Hive Center for Contemporary Art is honored to pronounce that Camouflage: Song Peng Solo Exhibition will be presented at Exhibition Hall C and D from Oct 17 to Nov 18 2020. The exhibition marks the second solo show of artist Song Peng in Hive Art after Perjury & Genesis: Song Peng Solo Exhibition in 2017. Curated by Yu Fei, the exhibition will present the artist’s latest works of painting.
Open and heterogeneous in his adoption of image materials, Song Peng focuses this time on mid-1990s Vintage foreign posters as examples for visual appropriation. So, instead of collaging and implanting images fragmentally in a stage setting he designs like before, he has tried his best to retain the original style of the images in his painting, which conceals deliberately the familiar impression that reminds one of Song Peng’s authorship, and highlights the cultural attribute and highly decorative aesthetic trait of every image source. As for the technical part, he has abandoned the expressionist way of expressing feelings, left out smearing, scraping and dripping that tell of body actions and adopted even painting – to take good care of every detail of the painting and adjust different styles and suitable color saturations – all for evenness, brightness and glossiness, just as the facial expression behind a mask is unreadable.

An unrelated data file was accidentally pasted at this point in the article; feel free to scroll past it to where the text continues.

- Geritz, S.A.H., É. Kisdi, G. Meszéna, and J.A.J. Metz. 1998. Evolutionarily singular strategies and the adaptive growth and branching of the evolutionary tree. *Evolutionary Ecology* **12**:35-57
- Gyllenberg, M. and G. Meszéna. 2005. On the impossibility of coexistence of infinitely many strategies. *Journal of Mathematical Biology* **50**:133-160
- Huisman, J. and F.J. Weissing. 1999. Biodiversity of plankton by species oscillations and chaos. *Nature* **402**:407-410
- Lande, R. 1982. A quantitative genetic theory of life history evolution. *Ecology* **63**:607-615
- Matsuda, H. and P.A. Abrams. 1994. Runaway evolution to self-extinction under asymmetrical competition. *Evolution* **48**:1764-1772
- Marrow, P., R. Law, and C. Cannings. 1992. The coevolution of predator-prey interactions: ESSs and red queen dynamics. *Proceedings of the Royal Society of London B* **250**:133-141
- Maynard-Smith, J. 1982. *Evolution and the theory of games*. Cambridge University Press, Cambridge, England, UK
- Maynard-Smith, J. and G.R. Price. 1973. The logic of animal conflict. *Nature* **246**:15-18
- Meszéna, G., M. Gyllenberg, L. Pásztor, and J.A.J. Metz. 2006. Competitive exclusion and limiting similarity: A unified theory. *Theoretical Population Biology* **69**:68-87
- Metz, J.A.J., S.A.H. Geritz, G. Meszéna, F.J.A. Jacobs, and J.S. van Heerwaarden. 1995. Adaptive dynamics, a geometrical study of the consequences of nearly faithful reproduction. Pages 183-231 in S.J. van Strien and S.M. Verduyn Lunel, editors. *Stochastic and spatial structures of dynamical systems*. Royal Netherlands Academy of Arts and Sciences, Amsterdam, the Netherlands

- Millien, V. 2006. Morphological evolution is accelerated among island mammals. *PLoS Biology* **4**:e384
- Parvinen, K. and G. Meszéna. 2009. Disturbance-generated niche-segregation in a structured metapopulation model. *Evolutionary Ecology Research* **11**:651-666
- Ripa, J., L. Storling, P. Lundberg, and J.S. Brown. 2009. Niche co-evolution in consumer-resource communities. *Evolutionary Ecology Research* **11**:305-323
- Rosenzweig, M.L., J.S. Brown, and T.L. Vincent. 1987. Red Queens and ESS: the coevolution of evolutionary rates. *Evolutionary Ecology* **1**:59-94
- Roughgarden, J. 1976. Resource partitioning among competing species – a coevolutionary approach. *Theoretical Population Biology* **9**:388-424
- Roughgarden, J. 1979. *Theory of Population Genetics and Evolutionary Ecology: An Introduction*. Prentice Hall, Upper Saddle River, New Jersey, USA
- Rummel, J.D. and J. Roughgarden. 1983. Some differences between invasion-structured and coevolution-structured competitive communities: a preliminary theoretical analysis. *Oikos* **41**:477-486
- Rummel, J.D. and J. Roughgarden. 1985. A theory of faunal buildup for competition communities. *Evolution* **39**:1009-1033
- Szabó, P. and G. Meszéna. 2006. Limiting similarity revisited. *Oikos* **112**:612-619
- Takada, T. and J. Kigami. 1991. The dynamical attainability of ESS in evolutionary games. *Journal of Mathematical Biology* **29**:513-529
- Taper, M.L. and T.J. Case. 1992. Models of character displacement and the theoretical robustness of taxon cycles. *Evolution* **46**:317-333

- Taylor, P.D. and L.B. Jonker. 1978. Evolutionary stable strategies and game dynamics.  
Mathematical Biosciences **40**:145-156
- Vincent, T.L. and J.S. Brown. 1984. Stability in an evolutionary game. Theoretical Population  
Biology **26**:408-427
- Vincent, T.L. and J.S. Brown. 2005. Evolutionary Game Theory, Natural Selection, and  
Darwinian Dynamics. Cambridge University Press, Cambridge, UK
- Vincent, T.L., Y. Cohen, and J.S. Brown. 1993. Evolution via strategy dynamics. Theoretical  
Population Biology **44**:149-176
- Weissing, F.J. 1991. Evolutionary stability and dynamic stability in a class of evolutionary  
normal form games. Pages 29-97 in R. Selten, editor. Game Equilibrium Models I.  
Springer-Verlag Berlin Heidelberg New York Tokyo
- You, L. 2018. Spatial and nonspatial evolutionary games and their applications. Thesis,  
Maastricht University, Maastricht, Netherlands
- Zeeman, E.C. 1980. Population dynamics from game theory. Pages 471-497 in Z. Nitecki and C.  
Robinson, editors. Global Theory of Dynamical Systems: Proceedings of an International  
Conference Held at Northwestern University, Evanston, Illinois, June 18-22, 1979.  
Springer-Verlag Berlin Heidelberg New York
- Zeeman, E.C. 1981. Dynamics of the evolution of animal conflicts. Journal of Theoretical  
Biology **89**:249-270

There’s reason to believe that Song Peng’s turn in art-making started not only out of his love for some retro touch, which only acts as a disguise in style so as to hide the artist’s view of history deep beneath his painting. The application of images as a tool for ideological communication can be traced back to the beginning of religious popularization, and, since then, the tool has never ever been absent from any large-scale mass movements. As WWI and WWII saw the confrontation between different ideological groups, the explosion of images approached a climax and, in the following decades, the tool gradually became increasingly popular and influential in daily life. Right in this context, Song Peng refocused on posters from the period of WWII, which, on the one hand, took over the role of delivering ideology as closely related to religious preaching and public propaganda, and, on the other, ignited the power that turned consumerism, which had swept the globe, into commercial advertisements.
Compared with where Song Peng positions his art on the scale of time, the theory of media control has been a commonplace nowadays, and mass media have also evolved from the stage of relying on still images to the current multidimensional network that is interactive, holographic and ubiquitous, so the taming and reaping of the masses almost seem to be a self-evident truth. Skeptical inherently, Song Peng keeps salvaging from history tips and clues hidden in the river of time; if, instinctively, we tend to look elsewhere in face of severe reality, why not create a possibility where we can retain the last bit of our sobriety when being intoxicated?